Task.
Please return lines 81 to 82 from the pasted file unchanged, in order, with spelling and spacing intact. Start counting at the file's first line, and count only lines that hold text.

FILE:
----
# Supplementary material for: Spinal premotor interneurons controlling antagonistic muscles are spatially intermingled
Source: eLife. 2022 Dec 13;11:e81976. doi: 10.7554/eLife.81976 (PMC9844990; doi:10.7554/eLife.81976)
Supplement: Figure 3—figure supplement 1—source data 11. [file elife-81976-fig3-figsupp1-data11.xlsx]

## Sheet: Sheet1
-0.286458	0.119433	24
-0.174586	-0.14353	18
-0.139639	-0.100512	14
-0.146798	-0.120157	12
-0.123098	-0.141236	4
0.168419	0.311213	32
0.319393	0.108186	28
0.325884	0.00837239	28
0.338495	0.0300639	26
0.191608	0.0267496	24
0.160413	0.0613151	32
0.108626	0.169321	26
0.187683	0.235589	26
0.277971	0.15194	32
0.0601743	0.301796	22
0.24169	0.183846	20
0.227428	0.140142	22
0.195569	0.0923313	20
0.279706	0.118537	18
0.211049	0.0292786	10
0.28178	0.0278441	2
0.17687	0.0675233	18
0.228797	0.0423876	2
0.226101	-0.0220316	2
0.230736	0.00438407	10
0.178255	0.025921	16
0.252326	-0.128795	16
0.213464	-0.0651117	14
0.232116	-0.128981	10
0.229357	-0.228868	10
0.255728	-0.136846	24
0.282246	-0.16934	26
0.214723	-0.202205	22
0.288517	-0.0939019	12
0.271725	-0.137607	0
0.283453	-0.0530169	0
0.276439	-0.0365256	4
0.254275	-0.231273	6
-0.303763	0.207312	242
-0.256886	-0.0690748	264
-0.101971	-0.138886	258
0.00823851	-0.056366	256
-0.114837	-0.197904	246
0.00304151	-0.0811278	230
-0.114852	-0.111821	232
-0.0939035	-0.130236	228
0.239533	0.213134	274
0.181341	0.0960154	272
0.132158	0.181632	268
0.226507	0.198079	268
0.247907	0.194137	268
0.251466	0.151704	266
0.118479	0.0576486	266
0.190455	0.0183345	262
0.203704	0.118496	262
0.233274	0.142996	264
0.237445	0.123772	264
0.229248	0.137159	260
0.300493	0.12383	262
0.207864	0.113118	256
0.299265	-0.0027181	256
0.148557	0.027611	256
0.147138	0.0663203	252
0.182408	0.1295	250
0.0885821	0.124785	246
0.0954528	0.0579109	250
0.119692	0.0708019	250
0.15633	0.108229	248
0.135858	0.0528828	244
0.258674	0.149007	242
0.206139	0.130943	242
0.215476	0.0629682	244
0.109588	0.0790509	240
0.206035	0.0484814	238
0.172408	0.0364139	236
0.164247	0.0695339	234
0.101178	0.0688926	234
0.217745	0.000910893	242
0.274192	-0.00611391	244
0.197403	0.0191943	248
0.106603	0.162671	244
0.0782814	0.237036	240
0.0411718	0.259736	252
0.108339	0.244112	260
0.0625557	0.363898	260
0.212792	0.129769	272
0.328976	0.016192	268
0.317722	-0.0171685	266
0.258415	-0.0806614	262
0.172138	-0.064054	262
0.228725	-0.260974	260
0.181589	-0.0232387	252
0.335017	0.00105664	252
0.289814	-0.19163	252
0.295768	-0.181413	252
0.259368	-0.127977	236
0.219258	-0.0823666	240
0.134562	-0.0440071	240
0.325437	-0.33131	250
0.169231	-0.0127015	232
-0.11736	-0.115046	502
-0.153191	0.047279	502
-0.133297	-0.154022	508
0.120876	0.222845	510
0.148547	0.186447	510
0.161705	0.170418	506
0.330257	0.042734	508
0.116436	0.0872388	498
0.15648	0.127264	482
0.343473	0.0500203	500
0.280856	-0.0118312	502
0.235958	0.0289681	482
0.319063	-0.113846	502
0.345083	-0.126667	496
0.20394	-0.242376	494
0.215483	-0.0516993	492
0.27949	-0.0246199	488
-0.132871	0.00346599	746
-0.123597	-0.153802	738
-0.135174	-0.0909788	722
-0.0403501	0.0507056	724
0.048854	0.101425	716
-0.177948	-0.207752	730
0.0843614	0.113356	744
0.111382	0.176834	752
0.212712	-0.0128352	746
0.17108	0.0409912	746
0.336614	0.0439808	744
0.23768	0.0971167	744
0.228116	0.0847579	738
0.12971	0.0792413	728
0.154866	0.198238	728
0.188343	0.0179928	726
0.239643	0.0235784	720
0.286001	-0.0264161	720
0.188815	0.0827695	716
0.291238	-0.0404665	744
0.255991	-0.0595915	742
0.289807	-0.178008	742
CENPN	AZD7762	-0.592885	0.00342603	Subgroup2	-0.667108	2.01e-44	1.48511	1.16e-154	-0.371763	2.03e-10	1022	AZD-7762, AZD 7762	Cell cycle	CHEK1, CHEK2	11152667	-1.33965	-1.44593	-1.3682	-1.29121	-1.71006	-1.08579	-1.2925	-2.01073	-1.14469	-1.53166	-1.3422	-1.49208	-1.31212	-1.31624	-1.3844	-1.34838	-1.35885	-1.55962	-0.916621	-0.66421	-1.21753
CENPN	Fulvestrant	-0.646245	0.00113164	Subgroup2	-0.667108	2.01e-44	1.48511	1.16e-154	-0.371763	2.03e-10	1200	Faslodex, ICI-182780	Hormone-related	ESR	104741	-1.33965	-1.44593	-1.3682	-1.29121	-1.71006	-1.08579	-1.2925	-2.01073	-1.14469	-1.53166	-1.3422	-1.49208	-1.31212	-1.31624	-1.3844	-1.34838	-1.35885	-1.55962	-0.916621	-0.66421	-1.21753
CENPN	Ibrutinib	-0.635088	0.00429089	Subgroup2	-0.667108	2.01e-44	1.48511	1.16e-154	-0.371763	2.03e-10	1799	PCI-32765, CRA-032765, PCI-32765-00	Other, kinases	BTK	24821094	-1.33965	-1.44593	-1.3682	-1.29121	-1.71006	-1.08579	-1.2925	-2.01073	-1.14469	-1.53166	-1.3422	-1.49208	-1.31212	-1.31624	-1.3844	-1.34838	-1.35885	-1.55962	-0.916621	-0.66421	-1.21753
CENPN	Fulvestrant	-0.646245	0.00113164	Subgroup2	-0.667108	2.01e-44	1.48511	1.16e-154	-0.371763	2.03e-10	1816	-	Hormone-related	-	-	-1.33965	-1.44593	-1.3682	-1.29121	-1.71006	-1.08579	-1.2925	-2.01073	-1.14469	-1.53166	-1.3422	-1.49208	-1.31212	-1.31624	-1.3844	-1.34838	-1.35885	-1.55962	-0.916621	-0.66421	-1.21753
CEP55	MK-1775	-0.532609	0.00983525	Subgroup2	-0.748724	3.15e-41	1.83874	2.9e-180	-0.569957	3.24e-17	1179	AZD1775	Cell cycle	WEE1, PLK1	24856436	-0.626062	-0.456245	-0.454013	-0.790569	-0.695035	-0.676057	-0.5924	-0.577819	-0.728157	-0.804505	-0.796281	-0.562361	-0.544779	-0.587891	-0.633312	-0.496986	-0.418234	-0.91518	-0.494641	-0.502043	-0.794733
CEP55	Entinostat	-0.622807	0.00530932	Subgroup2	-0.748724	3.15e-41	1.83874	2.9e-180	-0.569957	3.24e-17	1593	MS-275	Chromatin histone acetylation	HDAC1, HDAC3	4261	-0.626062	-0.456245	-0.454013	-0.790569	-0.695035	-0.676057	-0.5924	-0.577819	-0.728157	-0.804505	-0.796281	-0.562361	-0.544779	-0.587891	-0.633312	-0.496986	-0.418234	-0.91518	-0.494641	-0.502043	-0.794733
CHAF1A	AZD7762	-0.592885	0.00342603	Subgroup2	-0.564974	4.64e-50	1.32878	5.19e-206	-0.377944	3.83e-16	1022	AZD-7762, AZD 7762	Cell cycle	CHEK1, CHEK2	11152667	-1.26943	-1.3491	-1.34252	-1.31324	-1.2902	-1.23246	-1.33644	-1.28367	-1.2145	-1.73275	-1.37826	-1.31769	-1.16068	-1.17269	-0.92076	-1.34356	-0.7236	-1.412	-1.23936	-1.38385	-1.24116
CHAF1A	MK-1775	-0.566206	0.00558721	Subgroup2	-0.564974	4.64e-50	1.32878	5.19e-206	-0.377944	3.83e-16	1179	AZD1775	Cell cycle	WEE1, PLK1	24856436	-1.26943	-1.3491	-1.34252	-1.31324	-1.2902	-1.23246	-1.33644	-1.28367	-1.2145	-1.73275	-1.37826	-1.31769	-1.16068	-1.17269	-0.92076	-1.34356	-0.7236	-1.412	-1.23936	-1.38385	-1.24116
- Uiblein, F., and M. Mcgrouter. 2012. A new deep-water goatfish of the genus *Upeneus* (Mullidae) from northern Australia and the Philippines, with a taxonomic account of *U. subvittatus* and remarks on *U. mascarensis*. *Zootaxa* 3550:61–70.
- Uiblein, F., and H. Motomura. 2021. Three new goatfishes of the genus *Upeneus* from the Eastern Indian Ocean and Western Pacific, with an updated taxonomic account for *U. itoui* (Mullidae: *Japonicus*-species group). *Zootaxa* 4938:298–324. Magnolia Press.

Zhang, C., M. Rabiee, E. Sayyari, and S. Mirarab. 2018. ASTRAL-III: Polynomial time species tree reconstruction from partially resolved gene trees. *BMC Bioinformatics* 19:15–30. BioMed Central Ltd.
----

0.101178	0.0688926	234
0.217745	0.000910893	242